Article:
House debates

Monday, 2 May 2016

Statements on Indulgence

Lewis, Hon. Thomas Lancelot (Tom), AO

2:08 pm

Photo of Malcolm TurnbullMalcolm Turnbull (Wentworth, Liberal Party, Prime Minister) Share this | | Hansard source

I rise on indulgence to acknowledge the passing of the Hon. Tom Lewis, former Premier and Treasurer of New South Wales, on 25 April. I want to place on record the House's appreciation of his service to the parliament and the people of New South Wales and tender our profound sympathy to his family. Tom Lewis served not only New South Wales, and eminently, but Australia. He was in the Australian Imperial Force during the Second World War, stationed in the Celebes, Java and Borneo. He worked at our embassy in Washington in the late 1940s and he entered the New South Wales parliament in 1957. Mr Lewis represented the people of the state electoral district of Wollondilly for more than 20 years. He was a minister in the Askin and Willis governments and was Premier between 1975 and 1976. When he was not at parliament, he was skiing, flying his own plane or farming at Castlereagh on the Nepean River, and later at Moss Vale. He was known by his staffers and colleagues to be impatient, wanting everything done yesterday, but he was also regarded as a good administrator and admired for his efficiency and ability to cut through red tape. He was a veritable bundle of enthusiasm and energy, as I discovered when I came to know him in my capacity as a very, very young reporter in the New South Wales press gallery of that era.

Tom Lewis, as Minister for Lands, founded the National Parks and Wildlife Service for New South Wales in 1967, and that is a great legacy for all of us who have marvelled at and enjoyed the beauty of the New South Wales national park system. A generation of Australians can also be grateful that, in order to promote the National Parks and Wildlife Service, Tom Lewis gave permission to film the iconic Australian television series Skippy the Bush Kangaroo at what became known as Waratah Park.

In recognition of his services to the environment, the community and the parliament, he was appointed an Officer of the Order of Australia. We recognise his service again today. On behalf of honourable members and the government, I offer our deepest condolences to Mr Lewis's wife, Yutta, to his children, Mark and Jon, to his stepchildren, Phillip and Michelle, and to his grandchildren, Tom, Amelia, April, Holly, Lucy, Molly and Annie.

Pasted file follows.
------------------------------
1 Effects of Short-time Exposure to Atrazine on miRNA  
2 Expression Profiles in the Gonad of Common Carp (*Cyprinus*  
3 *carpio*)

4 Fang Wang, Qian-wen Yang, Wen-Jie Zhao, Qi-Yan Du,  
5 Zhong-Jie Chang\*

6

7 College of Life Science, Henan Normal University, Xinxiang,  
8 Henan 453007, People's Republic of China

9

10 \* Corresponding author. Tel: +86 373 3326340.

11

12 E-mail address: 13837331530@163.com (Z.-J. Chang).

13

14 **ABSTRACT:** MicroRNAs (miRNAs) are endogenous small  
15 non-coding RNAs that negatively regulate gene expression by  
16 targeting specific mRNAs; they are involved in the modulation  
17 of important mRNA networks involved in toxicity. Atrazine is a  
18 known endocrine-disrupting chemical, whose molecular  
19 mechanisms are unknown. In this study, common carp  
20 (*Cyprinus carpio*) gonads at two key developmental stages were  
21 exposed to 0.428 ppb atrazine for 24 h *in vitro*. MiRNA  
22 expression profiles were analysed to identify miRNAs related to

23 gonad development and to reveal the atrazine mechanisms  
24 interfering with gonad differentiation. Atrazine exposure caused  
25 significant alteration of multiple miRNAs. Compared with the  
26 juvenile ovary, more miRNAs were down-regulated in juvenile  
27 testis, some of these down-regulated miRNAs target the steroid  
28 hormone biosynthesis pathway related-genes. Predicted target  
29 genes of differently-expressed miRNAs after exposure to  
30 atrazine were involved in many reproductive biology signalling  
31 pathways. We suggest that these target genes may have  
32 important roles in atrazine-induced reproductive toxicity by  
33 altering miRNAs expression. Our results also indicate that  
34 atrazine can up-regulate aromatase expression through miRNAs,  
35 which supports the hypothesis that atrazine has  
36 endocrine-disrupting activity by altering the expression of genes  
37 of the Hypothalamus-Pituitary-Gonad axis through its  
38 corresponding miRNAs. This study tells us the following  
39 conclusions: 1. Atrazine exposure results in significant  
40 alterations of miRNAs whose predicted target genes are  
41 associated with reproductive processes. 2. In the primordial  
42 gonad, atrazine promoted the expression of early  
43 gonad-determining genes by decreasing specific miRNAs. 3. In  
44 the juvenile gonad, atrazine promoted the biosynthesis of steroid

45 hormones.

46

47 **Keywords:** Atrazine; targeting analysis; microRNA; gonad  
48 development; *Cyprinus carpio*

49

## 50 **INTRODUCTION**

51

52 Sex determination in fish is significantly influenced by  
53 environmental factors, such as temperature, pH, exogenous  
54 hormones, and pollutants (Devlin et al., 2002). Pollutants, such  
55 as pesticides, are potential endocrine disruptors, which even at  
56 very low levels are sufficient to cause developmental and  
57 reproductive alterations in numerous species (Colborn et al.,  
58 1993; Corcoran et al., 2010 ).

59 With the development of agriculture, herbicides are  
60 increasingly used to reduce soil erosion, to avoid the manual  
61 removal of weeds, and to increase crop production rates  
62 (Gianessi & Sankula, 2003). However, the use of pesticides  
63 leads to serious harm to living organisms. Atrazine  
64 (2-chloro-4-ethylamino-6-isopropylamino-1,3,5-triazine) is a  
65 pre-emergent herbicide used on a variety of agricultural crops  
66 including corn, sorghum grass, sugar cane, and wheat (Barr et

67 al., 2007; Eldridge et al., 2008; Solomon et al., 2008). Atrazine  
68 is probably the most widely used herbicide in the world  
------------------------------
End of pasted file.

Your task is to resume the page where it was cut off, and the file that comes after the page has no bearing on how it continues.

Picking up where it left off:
2:11 pm

Photo of Bill ShortenBill Shorten (Maribyrnong, Australian Labor Party, Leader of the Opposition) Share this | | Hansard source

So often there is a melancholy symmetry to the passing of old political warriors. Having just honoured a man brought down by the Dismissal, we now offer our respects to someone whose actions helped trigger that constitutional crisis. Tom Lewis's decision to fill the casual Senate vacancy created by Lionel Murphy with the conservative mayor of Albury, Cleaver Bunton, set the Senate on a path to the gridlock and obstructionism that eventually brought down the Whitlam government. And yet, just as Malcolm Fraser's part—and, indeed, Gough's part—in the bitter conflict of those times does not define those leaders or their legacies, Tom Lewis, someone who served New South Wales as Premier and Australia as a member of the AIF, deserves a larger part in history than a cameo from 1975.

In particular, today, as the Prime Minister and also the Premier of New South Wales have noted, we pay tribute to Tom Lewis's foresight in establishing the National Parks and Wildlife Service of New South Wales. Like all great decisions, hindsight makes it appear so obvious, but, in the early 1970s, it was courageous in the Yes Minister sense. Tom Lewis had the fortitude and the integrity to take on elements in his own party and constituencies in his own support base who bitterly opposed locking up land. That is real leadership, and its legacy lives around us and has enriched the lives not just of the people of New South Wales but of all who have been drawn to visit the natural beauty of that state. I think that Tom Lewis's contribution to preserving some of our most beautiful country illustrates the truth at the heart of that ancient piece of Greek wisdom:

A society grows great when old men plant trees whose shade they know they shall never sit in.

Labor offers its condolences to Tom Lewis's family and all who feel his loss. May he rest in peace.